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[Rare eBooks] How to Make Jewelry


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New in our Digital Antique Books Library…

How to Make Jewelry by George S. Overton, 1914

Practical Instructions From A Practical Manufacturing Jeweler.

This 1914 book is composed of articles drawn from the Magazine “The
Manufacturing Jeweler”. At 240 pages of eclectic, informative
articles it is a treasury of jewelers secrets and skillful working
techniques. Tons and tons of This book is a real
addition to your library: most of it is still essential today. There
is so much cool that this review is much longer than
normal. This book answers many problems that all jewelers have
today: it is very current in those terms.To give you an idea of the
vast range of subjects covered here is a listing of the chapters.
Most were written by Mr. Overton.

Designing of Jewelry, Hints on Melting, The Alloying of Gold,
Formulas for Alloys and Solders, Getting out Plating Stock,
Wire Drawing and Working, Making of Solders, Solder and the
Quality Stamp, The Soldering of Parts, Tips on Soldering and
Stone Setting, Repairing Stone Set Work, Gilding with Electric
Current, Red Gilding, Resists for Two-Color Work, Acid
Coloring, Precautions in the Coloring Room, Silver and Its
Alloys for Jewelry Work, Solutions for Silver Plating, Black
and Gray Finishes on Silver, Gun Metal Finish, Silver as a
Base for Black Enamel, Enameling of Jewelry, Enameling of
Jewelry (Continued), The Melting of Platinum, Working in
Platinum, Recovery of Gold and Silver from Scrap, Refining
Polishing Sweeps, Filtration of Washings, Testing for Pure
Gold, Keeping Track of Gold, Figuring Shop Costs, Reducing
Labor Costs, Time and Labor Savers, Some Shop Problems, The
Buying of Stones, Making Pearl Jewelry, Drilling Pearls for
Stringing (illustrated), Ring Making’n Sizing and Soldering of
Rings, Chain Making, Making Flower Work, Making a Line of
Pins, Horseshoe Jewelry, The Maltese Cross in Emblems, Some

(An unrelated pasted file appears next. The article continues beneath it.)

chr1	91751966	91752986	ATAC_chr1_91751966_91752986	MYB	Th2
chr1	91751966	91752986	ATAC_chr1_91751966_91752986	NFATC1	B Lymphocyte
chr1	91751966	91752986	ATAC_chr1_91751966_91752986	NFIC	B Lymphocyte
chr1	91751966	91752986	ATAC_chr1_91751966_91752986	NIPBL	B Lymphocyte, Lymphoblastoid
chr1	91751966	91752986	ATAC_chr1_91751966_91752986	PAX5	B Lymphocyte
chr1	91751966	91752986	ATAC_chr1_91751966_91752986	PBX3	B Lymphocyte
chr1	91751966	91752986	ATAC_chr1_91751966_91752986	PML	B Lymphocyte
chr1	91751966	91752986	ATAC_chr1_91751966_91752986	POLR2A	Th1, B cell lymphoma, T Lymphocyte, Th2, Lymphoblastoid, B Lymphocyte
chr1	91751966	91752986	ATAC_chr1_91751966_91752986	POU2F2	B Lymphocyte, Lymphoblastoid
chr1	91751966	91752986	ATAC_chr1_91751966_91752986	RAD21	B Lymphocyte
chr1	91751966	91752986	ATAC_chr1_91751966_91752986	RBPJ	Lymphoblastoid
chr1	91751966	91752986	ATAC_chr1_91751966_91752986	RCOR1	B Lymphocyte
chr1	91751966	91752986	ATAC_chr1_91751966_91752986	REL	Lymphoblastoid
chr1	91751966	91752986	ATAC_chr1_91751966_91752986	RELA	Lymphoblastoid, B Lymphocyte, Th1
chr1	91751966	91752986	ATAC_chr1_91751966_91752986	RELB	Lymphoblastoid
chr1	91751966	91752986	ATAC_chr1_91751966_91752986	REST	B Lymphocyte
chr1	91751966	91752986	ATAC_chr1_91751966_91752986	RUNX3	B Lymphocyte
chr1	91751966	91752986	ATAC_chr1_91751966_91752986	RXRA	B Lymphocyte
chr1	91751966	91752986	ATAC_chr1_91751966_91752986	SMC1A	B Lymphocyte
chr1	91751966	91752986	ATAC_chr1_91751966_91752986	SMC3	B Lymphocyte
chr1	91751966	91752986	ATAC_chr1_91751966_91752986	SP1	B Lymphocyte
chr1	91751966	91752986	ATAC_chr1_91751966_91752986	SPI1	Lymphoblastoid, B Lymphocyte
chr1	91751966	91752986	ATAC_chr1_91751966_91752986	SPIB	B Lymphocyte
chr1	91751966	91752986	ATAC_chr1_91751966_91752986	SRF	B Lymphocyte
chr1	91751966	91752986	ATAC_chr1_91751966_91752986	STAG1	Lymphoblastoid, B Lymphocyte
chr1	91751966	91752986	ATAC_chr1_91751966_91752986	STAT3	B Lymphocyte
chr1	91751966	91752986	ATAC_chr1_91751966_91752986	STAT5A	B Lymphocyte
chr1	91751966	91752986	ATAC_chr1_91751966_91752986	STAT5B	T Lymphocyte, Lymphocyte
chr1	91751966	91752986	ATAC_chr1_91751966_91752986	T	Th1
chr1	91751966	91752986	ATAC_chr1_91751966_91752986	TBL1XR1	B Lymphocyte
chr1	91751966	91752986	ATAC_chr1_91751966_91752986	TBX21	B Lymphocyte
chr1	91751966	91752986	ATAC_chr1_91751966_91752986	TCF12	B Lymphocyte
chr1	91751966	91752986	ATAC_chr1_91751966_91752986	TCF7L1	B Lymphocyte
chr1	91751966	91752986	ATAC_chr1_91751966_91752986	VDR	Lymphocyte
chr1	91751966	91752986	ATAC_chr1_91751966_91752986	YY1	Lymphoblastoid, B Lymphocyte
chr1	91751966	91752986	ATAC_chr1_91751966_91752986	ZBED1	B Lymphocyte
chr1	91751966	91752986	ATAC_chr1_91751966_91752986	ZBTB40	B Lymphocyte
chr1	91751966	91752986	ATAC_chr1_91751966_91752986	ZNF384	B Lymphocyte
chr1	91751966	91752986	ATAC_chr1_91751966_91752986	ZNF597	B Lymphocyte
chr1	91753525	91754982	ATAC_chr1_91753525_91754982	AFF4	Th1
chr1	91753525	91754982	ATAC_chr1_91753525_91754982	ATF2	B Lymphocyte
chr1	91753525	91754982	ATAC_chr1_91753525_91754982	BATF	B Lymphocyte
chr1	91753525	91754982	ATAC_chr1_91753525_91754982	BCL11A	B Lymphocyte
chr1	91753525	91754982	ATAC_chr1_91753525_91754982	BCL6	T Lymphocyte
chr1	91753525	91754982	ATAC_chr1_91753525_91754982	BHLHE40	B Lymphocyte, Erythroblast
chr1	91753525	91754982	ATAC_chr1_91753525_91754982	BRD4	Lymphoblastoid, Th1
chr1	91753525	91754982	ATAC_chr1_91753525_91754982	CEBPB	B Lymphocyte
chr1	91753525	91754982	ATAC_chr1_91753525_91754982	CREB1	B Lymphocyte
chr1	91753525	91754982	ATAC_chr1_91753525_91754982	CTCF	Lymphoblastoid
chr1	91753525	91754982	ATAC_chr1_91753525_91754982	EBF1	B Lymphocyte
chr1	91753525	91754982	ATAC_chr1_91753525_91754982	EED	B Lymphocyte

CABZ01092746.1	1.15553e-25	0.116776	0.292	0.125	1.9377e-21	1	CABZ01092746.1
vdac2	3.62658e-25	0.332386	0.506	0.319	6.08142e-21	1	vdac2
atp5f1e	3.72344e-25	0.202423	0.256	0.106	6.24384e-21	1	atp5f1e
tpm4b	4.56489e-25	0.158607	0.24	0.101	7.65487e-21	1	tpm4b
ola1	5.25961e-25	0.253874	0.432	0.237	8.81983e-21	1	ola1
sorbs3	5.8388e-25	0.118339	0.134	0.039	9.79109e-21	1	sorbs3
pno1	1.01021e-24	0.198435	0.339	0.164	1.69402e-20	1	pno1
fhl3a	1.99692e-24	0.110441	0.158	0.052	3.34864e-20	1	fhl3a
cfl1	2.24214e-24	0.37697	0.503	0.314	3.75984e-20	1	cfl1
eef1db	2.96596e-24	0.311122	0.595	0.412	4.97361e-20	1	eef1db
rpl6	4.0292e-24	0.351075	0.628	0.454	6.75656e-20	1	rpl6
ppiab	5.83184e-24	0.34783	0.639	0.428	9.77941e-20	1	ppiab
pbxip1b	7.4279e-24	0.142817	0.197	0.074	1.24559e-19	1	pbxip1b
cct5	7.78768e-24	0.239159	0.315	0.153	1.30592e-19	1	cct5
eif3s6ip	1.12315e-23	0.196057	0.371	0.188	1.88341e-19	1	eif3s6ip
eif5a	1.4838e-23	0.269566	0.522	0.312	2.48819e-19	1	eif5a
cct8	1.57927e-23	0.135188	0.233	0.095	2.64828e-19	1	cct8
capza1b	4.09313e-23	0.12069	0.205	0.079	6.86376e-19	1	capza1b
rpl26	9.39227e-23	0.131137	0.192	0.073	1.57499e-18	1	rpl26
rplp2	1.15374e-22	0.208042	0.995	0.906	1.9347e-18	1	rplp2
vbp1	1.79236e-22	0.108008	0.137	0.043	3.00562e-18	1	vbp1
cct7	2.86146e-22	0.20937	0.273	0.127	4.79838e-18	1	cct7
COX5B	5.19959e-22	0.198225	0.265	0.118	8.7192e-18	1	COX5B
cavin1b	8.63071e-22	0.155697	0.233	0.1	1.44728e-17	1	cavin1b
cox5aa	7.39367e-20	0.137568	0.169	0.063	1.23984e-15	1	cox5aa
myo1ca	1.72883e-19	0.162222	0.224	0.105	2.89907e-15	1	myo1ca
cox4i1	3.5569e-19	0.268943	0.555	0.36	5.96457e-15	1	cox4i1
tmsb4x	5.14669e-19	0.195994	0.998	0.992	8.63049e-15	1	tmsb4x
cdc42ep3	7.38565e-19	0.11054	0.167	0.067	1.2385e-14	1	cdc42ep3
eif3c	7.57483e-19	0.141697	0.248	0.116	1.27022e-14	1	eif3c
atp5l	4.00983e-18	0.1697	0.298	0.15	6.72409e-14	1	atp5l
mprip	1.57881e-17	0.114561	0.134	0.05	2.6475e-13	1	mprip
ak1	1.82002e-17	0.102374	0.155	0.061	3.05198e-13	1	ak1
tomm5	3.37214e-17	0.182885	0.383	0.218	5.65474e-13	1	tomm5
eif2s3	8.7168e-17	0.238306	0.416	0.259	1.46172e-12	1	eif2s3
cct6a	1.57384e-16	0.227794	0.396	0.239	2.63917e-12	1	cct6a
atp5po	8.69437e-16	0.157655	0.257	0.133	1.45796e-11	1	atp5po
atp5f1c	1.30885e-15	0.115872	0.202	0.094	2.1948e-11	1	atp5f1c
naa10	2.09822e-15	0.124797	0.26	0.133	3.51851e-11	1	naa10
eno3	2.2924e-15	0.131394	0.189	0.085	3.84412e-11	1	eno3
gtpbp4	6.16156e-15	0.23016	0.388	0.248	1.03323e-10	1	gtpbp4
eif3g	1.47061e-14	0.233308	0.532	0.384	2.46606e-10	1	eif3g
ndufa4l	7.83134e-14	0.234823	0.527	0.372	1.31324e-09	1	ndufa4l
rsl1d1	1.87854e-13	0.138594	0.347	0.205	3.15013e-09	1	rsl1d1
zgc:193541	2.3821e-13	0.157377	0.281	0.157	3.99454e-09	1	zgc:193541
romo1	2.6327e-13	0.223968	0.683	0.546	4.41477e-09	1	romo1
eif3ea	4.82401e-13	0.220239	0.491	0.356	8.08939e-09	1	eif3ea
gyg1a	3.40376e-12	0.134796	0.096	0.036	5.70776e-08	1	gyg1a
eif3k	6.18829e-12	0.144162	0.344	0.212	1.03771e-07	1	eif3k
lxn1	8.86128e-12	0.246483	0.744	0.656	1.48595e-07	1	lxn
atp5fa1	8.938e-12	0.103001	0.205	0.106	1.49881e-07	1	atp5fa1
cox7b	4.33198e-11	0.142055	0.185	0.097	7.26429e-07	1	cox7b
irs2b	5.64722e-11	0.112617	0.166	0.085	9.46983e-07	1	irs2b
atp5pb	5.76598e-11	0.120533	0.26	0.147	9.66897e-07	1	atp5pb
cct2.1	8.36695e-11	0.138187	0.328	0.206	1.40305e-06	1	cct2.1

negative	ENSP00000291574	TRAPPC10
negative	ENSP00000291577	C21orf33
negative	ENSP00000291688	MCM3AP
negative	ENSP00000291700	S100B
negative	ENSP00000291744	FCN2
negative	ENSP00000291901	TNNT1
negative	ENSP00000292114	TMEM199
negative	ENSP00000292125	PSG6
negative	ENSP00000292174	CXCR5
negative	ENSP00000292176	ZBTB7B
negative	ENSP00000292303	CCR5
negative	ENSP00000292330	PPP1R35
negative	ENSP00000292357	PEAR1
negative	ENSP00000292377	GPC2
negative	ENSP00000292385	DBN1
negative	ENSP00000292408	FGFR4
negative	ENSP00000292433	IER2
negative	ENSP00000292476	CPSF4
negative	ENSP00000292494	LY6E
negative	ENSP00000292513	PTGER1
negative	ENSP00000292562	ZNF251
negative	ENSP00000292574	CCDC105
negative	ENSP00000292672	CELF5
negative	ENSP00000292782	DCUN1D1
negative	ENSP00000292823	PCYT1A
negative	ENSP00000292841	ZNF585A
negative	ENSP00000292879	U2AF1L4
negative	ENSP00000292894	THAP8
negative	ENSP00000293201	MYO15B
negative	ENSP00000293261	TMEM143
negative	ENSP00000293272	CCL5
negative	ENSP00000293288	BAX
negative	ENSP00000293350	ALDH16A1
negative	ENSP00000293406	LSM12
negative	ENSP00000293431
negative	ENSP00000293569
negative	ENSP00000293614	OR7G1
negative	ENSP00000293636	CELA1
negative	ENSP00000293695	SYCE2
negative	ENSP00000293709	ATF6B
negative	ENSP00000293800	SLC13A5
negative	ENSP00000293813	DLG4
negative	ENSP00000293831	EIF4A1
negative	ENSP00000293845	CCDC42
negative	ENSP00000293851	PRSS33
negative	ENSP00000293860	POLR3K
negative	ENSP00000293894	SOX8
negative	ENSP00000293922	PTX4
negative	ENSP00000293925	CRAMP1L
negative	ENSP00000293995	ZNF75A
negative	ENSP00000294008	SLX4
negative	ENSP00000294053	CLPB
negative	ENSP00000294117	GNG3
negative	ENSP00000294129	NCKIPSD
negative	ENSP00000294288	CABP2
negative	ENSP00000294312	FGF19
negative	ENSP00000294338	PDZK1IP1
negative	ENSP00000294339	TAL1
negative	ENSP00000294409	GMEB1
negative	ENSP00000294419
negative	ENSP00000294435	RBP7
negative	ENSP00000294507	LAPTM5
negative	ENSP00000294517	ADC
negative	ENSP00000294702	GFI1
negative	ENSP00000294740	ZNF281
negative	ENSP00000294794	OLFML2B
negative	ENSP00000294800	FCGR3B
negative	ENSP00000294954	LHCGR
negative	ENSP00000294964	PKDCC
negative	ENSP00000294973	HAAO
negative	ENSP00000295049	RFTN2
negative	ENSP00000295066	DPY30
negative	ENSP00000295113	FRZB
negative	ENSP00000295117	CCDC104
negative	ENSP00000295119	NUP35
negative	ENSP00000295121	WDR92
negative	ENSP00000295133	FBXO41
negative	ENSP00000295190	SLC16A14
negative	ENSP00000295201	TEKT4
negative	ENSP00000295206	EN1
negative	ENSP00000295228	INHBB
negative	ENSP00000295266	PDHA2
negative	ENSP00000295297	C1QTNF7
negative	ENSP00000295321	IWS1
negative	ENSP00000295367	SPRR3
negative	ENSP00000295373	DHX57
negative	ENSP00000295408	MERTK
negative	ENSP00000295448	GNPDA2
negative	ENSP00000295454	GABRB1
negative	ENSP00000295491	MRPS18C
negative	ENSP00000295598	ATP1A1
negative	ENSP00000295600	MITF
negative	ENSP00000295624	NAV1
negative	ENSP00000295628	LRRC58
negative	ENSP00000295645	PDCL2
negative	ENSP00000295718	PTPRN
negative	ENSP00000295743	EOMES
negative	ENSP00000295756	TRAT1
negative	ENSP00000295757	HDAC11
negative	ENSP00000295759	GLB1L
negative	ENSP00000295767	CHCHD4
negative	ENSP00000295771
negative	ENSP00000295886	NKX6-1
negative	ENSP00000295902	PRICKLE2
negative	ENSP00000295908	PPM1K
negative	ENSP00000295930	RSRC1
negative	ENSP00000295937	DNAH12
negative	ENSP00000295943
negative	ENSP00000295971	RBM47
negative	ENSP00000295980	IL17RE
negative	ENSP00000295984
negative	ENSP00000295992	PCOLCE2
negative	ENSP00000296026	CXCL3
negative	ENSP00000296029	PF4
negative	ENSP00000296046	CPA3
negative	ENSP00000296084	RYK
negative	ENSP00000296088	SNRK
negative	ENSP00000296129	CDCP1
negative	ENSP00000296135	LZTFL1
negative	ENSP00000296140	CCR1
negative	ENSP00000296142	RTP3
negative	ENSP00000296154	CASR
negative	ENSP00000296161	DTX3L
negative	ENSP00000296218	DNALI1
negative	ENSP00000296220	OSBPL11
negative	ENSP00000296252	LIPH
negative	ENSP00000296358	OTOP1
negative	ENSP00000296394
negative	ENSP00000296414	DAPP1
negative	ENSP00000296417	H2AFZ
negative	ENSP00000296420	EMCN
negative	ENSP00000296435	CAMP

Attractive Novelties, Making Eyeglass Frames, Hints on
Soldering, Polishing and Burnishing, Practical Hints for
Working Jewelers

Phew!

A number of specific items from the book are noted here. The
introduction talks about how the magazine the articles came from was
threatened with lawsuits for giving away jewelers secrets, protests
from companies about sharing

There is an introduction on designing, speaking of the need to
understand jewelry making before designing. Design instructions and
exercises are given, techniques for learning design and practicing,
for jewelry rendering and design. All still good today.

A discussion of melting is definitely earthy. I think metallurgy has
advanced a bit since then, but still very interesting and the fruits
of generations of knowledge. The alloying and colored gold
is good. There are dozens of colored gold alloys
described in detail. Gold and silver alloys for enameling on are
extensively detailed. Enameling itself is dealt with in depth in a
number of places in the book. Gold solder alloys and making are
covered well, including for colored golds. The only thing we would
avoid today is using cadmium. Another one is mercury, simply don’t
go there, and hydrofluoric acid, though all the is
insightful and historically important to those with a technical
bent.

There is a chapter on making laminate metals with gold soldered onto
base metals. I have not seen this described before like this. Wire
making and drawing is fully dealt with. Several unique tricks for
cutting and making jump rings are addressed.